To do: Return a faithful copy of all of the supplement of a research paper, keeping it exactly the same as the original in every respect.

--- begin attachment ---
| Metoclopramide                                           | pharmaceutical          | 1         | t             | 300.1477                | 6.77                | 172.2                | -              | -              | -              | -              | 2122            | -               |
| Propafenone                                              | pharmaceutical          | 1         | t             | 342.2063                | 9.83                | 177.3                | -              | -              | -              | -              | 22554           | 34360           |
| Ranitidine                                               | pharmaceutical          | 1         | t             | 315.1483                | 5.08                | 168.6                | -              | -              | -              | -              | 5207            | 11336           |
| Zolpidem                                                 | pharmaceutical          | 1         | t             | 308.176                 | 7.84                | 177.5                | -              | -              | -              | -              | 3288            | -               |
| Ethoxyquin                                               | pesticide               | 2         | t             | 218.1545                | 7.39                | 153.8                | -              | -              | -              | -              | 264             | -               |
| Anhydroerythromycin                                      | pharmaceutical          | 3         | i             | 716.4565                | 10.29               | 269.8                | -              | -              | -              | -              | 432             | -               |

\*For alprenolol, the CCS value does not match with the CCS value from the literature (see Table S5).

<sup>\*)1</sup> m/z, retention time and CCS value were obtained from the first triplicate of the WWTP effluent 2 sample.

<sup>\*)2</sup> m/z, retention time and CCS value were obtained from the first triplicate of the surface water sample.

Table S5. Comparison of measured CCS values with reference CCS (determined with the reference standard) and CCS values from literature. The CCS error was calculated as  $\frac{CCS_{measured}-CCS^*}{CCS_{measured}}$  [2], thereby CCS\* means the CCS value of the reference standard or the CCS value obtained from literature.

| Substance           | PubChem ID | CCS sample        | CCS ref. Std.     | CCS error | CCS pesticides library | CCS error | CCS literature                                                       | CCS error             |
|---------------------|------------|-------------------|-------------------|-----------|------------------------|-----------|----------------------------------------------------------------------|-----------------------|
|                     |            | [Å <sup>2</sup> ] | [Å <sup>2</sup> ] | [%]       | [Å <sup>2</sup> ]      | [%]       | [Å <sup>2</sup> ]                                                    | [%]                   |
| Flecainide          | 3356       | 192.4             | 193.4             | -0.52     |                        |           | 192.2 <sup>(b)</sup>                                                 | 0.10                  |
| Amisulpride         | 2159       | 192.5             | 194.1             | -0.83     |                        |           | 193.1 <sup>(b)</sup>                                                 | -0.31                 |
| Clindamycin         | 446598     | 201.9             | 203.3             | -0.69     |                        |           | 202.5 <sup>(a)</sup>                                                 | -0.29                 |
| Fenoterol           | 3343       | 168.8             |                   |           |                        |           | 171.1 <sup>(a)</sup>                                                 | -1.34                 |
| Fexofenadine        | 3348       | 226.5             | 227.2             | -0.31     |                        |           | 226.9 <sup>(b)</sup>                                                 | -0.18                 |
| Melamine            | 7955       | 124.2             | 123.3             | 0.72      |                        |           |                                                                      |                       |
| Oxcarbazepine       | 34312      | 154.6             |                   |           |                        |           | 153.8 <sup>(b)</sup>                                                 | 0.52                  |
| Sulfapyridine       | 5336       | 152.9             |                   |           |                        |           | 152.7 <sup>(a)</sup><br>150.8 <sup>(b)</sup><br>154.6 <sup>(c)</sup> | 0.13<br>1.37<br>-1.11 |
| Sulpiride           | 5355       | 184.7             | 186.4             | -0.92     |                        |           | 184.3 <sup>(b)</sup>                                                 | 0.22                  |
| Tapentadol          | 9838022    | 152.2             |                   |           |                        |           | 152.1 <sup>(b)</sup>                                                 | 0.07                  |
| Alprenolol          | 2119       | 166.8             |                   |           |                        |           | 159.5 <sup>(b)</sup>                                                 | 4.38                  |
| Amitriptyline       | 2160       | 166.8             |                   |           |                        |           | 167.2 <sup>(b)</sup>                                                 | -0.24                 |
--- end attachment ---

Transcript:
| Metoclopramide                                           | pharmaceutical          | 1         | t             | 300.1477                | 6.77                | 172.2                | -              | -              | -              | -              | 2122            | -               |
| Propafenone                                              | pharmaceutical          | 1         | t             | 342.2063                | 9.83                | 177.3                | -              | -              | -              | -              | 22554           | 34360           |
| Ranitidine                                               | pharmaceutical          | 1         | t             | 315.1483                | 5.08                | 168.6                | -              | -              | -              | -              | 5207            | 11336           |
| Zolpidem                                                 | pharmaceutical          | 1         | t             | 308.176                 | 7.84                | 177.5                | -              | -              | -              | -              | 3288            | -               |
| Ethoxyquin                                               | pesticide               | 2         | t             | 218.1545                | 7.39                | 153.8                | -              | -              | -              | -              | 264             | -               |
| Anhydroerythromycin                                      | pharmaceutical          | 3         | i             | 716.4565                | 10.29               | 269.8                | -              | -              | -              | -              | 432             | -               |

\*For alprenolol, the CCS value does not match with the CCS value from the literature (see Table S5).

<sup>\*)1</sup> m/z, retention time and CCS value were obtained from the first triplicate of the WWTP effluent 2 sample.

<sup>\*)2</sup> m/z, retention time and CCS value were obtained from the first triplicate of the surface water sample.

Table S5. Comparison of measured CCS values with reference CCS (determined with the reference standard) and CCS values from literature. The CCS error was calculated as  $\frac{CCS_{measured}-CCS^*}{CCS_{measured}}$  [2], thereby CCS\* means the CCS value of the reference standard or the CCS value obtained from literature.

| Substance           | PubChem ID | CCS sample        | CCS ref. Std.     | CCS error | CCS pesticides library | CCS error | CCS literature                                                       | CCS error             |
|---------------------|------------|-------------------|-------------------|-----------|------------------------|-----------|----------------------------------------------------------------------|-----------------------|
|                     |            | [Å <sup>2</sup> ] | [Å <sup>2</sup> ] | [%]       | [Å <sup>2</sup> ]      | [%]       | [Å <sup>2</sup> ]                                                    | [%]                   |
| Flecainide          | 3356       | 192.4             | 193.4             | -0.52     |                        |           | 192.2 <sup>(b)</sup>                                                 | 0.10                  |
| Amisulpride         | 2159       | 192.5             | 194.1             | -0.83     |                        |           | 193.1 <sup>(b)</sup>                                                 | -0.31                 |
| Clindamycin         | 446598     | 201.9             | 203.3             | -0.69     |                        |           | 202.5 <sup>(a)</sup>                                                 | -0.29                 |
| Fenoterol           | 3343       | 168.8             |                   |           |                        |           | 171.1 <sup>(a)</sup>                                                 | -1.34                 |
| Fexofenadine        | 3348       | 226.5             | 227.2             | -0.31     |                        |           | 226.9 <sup>(b)</sup>                                                 | -0.18                 |
| Melamine            | 7955       | 124.2             | 123.3             | 0.72      |                        |           |                                                                      |                       |
| Oxcarbazepine       | 34312      | 154.6             |                   |           |                        |           | 153.8 <sup>(b)</sup>                                                 | 0.52                  |
| Sulfapyridine       | 5336       | 152.9             |                   |           |                        |           | 152.7 <sup>(a)</sup><br>150.8 <sup>(b)</sup><br>154.6 <sup>(c)</sup> | 0.13<br>1.37<br>-1.11 |
| Sulpiride           | 5355       | 184.7             | 186.4             | -0.92     |                        |           | 184.3 <sup>(b)</sup>                                                 | 0.22                  |
| Tapentadol          | 9838022    | 152.2             |                   |           |                        |           | 152.1 <sup>(b)</sup>                                                 | 0.07                  |
| Alprenolol          | 2119       | 166.8             |                   |           |                        |           | 159.5 <sup>(b)</sup>                                                 | 4.38                  |
| Amitriptyline       | 2160       | 166.8             |                   |           |                        |           | 167.2 <sup>(b)</sup>                                                 | -0.24                 |